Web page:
Hidden job market

Many jobs are not advertised, so how can you tap into this hidden job market?

A row of people standing side by side with a lady holding a sign saying 'Hire me' As recruitment costs are so high, many companies try to minimise costs by filling roles without advertising, often turning to internal recruitment or word of mouth from employees.

It is reported that up to 70-80 per cent of jobs don’t get advertised, which is why it’s hugely important that you don’t overlook this hidden job market.

But how can you make sure you’re in the know about these unadvertised positions? It’s all about getting out there and making connections. Here’s some advice on uncovering a much wider range of job opportunities.


Through contacts you may be able to gather information that will enable you to make a professional approach to an employer so when you speak to people, make a record of who you have spoken to and the result of the conversation.

Networking with friends, family and contacts can be a good way of finding out about potential vacancies, but finding ways to meet and talk with people in your field is always a great way to make career in-roads.

Be sure to make the most of conferences, lectures and exhibitions by networking with your peers and expand your networking opportunities by becoming more active within an IET Local or Technical and Professional Network.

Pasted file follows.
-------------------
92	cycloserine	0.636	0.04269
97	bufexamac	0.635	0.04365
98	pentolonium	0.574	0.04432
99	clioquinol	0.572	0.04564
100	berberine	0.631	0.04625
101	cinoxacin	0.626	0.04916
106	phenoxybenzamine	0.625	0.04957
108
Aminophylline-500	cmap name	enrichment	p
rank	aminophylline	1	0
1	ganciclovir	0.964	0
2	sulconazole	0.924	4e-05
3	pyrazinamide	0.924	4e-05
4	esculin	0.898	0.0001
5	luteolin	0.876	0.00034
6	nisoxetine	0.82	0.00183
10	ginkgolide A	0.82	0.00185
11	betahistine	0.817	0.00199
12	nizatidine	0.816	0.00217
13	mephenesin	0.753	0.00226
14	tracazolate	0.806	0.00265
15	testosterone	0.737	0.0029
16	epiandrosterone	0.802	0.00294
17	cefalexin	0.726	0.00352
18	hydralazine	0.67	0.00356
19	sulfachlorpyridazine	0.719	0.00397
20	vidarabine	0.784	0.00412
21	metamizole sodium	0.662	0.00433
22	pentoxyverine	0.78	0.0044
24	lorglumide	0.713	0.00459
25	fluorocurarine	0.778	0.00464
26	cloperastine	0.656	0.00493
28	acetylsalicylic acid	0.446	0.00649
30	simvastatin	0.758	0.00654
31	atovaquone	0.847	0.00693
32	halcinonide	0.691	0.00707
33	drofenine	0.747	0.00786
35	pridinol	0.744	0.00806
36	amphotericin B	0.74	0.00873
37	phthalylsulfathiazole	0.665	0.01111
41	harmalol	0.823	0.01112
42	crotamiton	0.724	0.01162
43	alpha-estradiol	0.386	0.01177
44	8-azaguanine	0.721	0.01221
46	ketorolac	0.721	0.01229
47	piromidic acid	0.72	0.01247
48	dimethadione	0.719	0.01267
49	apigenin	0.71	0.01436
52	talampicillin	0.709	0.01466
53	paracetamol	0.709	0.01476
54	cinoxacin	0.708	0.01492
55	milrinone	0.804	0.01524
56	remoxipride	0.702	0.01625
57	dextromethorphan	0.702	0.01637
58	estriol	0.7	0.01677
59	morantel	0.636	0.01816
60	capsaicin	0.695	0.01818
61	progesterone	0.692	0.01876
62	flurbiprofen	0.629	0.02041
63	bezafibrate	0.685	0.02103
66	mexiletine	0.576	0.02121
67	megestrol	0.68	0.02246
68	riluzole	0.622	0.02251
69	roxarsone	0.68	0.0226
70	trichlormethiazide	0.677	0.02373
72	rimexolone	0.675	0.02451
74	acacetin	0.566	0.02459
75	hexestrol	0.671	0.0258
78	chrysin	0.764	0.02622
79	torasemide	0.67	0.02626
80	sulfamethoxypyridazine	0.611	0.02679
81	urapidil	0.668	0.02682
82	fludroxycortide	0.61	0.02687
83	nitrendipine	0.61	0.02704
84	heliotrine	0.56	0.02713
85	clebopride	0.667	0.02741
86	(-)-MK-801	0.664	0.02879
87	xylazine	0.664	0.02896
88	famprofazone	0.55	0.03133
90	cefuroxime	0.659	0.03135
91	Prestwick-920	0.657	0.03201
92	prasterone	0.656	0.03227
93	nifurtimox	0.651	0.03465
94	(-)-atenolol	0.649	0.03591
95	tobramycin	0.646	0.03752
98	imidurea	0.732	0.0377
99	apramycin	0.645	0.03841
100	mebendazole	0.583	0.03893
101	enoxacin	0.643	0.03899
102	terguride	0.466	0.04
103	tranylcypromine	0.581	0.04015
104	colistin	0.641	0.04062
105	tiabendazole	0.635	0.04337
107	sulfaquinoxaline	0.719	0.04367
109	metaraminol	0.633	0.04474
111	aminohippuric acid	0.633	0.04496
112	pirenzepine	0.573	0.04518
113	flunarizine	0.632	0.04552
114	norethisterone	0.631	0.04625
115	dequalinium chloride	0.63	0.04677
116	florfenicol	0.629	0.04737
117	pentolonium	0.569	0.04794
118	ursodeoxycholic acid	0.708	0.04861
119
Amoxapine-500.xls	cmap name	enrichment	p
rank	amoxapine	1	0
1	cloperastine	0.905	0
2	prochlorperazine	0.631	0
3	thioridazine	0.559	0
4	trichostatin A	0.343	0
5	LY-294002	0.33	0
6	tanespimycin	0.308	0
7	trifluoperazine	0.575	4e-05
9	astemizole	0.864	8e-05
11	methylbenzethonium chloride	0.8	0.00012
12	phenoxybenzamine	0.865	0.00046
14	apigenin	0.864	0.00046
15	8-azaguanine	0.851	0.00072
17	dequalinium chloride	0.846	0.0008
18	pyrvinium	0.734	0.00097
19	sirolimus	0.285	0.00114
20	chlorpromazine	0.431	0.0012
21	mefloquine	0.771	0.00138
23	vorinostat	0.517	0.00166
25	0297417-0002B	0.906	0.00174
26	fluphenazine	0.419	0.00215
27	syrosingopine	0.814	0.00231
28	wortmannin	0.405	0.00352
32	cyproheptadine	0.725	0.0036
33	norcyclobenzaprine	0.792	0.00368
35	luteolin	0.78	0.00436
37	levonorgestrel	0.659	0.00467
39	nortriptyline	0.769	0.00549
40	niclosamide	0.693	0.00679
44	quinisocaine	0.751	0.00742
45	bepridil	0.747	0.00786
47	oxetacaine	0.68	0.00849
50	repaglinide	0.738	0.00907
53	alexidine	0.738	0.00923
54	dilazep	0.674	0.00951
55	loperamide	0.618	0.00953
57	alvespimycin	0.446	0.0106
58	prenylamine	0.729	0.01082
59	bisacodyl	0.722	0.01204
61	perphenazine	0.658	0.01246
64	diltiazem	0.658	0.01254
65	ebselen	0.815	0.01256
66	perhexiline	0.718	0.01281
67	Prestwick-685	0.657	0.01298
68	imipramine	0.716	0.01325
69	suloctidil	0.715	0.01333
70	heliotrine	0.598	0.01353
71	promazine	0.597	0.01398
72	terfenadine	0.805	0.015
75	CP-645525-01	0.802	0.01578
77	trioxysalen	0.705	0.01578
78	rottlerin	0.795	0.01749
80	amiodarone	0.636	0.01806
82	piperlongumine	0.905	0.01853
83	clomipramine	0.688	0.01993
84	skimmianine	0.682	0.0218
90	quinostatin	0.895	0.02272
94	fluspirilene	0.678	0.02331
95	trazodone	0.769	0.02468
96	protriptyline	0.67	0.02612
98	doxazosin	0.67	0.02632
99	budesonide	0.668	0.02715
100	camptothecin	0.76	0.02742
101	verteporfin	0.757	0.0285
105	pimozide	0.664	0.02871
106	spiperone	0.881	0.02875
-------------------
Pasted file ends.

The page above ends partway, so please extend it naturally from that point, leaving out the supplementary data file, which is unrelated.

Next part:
Gain experience

When looking for vacancies, you could consider taking temporary contracts or a period of unpaid work as a stepping-stone to the work you are looking for.

These short-term roles will provide you with contacts within the company/sector and you may hear about permanent vacancies. It will also demonstrate your willingness to work.

The speculative approach

If you know which job you want, but have not seen it advertised, you may consider taking a speculative approach by targeting companies you wish to work for or who you think may be recruiting.

If you do take a speculative approach, you should focus your search on a few potential companies as an un-targeted approach may be costly, time consuming and may not yield many responses.

There are many ways to identify organisations; websites, trade journals and magazines, as well as local and national newspapers, can be valuable sources of information. They can provide details about companies that are expanding, re-locating or developing new products. You can also find details of organisations in business directories or by conducting research online.

Got a lead? What next…

Once you know which organisations to contact, it is a good idea to telephone them first and talk to them. You will be able to introduce yourself, ask questions and gain a sense of where they may have opportunities that would suit your skills and experience.

After speaking to the company, forward your CV and a covering letter to the individual that heads the department you would like to work for. If you do not hear anything, follow up your application a week or so later and again after a suitable period.